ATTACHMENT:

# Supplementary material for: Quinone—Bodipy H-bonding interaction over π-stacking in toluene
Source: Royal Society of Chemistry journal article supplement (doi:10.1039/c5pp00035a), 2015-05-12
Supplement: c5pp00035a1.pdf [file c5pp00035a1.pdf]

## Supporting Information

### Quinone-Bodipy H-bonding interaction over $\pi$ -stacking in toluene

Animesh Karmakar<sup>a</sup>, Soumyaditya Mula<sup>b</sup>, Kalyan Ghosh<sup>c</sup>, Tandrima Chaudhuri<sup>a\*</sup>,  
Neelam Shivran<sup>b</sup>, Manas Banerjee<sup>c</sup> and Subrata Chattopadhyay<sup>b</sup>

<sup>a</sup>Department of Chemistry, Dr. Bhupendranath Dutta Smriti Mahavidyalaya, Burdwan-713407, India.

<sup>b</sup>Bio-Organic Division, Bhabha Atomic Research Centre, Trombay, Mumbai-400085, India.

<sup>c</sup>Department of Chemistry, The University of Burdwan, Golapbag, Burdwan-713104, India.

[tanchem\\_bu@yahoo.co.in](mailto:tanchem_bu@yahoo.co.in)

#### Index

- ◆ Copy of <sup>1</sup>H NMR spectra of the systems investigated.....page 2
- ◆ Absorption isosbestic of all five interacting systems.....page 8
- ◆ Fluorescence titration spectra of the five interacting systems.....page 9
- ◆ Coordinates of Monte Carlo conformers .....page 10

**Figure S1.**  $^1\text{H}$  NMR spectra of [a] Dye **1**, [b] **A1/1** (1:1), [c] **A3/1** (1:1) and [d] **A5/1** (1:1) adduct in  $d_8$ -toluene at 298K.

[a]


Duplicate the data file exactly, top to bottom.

# Supplementary material for: Quinone—Bodipy H-bonding interaction over π-stacking in toluene
Source: Royal Society of Chemistry journal article supplement (doi:10.1039/c5pp00035a), 2015-05-12
Supplement: c5pp00035a1.pdf [file c5pp00035a1.pdf]

## Supporting Information

### Quinone-Bodipy H-bonding interaction over $\pi$ -stacking in toluene

Animesh Karmakar<sup>a</sup>, Soumyaditya Mula<sup>b</sup>, Kalyan Ghosh<sup>c</sup>, Tandrima Chaudhuri<sup>a\*</sup>,  
Neelam Shivran<sup>b</sup>, Manas Banerjee<sup>c</sup> and Subrata Chattopadhyay<sup>b</sup>

<sup>a</sup>Department of Chemistry, Dr. Bhupendranath Dutta Smriti Mahavidyalaya, Burdwan-713407, India.

<sup>b</sup>Bio-Organic Division, Bhabha Atomic Research Centre, Trombay, Mumbai-400085, India.

<sup>c</sup>Department of Chemistry, The University of Burdwan, Golapbag, Burdwan-713104, India.

[tanchem\\_bu@yahoo.co.in](mailto:tanchem_bu@yahoo.co.in)

#### Index

- ◆ Copy of <sup>1</sup>H NMR spectra of the systems investigated.....page 2
- ◆ Absorption isosbestic of all five interacting systems.....page 8
- ◆ Fluorescence titration spectra of the five interacting systems.....page 9
- ◆ Coordinates of Monte Carlo conformers .....page 10

**Figure S1.**  $^1\text{H}$  NMR spectra of [a] Dye **1**, [b] **A1/1** (1:1), [c] **A3/1** (1:1) and [d] **A5/1** (1:1) adduct in  $d_8$ -toluene at 298K.

[a]